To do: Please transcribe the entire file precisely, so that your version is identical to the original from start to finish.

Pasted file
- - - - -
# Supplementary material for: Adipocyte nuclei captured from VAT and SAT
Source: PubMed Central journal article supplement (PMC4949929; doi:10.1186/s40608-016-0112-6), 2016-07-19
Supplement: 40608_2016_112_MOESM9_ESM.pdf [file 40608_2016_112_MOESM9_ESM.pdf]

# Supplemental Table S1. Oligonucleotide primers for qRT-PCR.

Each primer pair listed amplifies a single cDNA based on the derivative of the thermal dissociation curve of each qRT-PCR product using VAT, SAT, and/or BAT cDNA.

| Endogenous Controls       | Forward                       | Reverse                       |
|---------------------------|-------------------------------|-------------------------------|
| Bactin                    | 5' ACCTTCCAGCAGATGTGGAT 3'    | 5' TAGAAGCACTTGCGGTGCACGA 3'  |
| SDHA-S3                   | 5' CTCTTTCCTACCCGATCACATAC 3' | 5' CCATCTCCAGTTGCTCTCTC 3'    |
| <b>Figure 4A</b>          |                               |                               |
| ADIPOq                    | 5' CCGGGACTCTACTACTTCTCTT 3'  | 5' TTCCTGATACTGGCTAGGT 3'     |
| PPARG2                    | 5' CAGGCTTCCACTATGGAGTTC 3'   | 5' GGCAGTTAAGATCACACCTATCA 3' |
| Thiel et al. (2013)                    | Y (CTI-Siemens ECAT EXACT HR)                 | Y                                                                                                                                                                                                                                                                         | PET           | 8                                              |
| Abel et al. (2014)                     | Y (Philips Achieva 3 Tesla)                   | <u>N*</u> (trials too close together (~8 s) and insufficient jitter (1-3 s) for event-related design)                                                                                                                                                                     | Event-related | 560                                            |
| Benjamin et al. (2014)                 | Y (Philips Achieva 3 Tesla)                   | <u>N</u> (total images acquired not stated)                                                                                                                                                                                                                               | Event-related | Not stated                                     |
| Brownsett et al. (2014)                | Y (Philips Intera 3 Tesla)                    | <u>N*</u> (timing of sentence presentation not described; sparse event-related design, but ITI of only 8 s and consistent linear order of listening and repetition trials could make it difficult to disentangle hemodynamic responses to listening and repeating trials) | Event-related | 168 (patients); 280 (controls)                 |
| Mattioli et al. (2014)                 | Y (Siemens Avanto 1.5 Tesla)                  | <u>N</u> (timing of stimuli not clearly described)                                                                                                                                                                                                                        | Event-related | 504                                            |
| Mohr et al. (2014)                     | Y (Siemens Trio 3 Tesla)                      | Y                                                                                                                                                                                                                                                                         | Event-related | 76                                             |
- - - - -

# Supplementary material for: Adipocyte nuclei captured from VAT and SAT
Source: PubMed Central journal article supplement (PMC4949929; doi:10.1186/s40608-016-0112-6), 2016-07-19
Supplement: 40608_2016_112_MOESM9_ESM.pdf [file 40608_2016_112_MOESM9_ESM.pdf]

# Supplemental Table S1. Oligonucleotide primers for qRT-PCR.

Each primer pair listed amplifies a single cDNA based on the derivative of the thermal dissociation curve of each qRT-PCR product using VAT, SAT, and/or BAT cDNA.

| Endogenous Controls       | Forward                       | Reverse                       |
|---------------------------|-------------------------------|-------------------------------|
| Bactin                    | 5' ACCTTCCAGCAGATGTGGAT 3'    | 5' TAGAAGCACTTGCGGTGCACGA 3'  |
| SDHA-S3                   | 5' CTCTTTCCTACCCGATCACATAC 3' | 5' CCATCTCCAGTTGCTCTCTC 3'    |
| <b>Figure 4A</b>          |                               |                               |
| ADIPOq                    | 5' CCGGGACTCTACTACTTCTCTT 3'  | 5' TTCCTGATACTGGCTAGGT 3'     |
| PPARG2                    | 5' CAGGCTTCCACTATGGAGTTC 3'   | 5' GGCAGTTAAGATCACACCTATCA 3' |
| Thiel et al. (2013)                    | Y (CTI-Siemens ECAT EXACT HR)                 | Y                                                                                                                                                                                                                                                                         | PET           | 8                                              |
| Abel et al. (2014)                     | Y (Philips Achieva 3 Tesla)                   | <u>N*</u> (trials too close together (~8 s) and insufficient jitter (1-3 s) for event-related design)                                                                                                                                                                     | Event-related | 560                                            |
| Benjamin et al. (2014)                 | Y (Philips Achieva 3 Tesla)                   | <u>N</u> (total images acquired not stated)                                                                                                                                                                                                                               | Event-related | Not stated                                     |
| Brownsett et al. (2014)                | Y (Philips Intera 3 Tesla)                    | <u>N*</u> (timing of sentence presentation not described; sparse event-related design, but ITI of only 8 s and consistent linear order of listening and repetition trials could make it difficult to disentangle hemodynamic responses to listening and repeating trials) | Event-related | 168 (patients); 280 (controls)                 |
| Mattioli et al. (2014)                 | Y (Siemens Avanto 1.5 Tesla)                  | <u>N</u> (timing of stimuli not clearly described)                                                                                                                                                                                                                        | Event-related | 504                                            |
| Mohr et al. (2014)                     | Y (Siemens Trio 3 Tesla)                      | Y                                                                                                                                                                                                                                                                         | Event-related | 76                                             |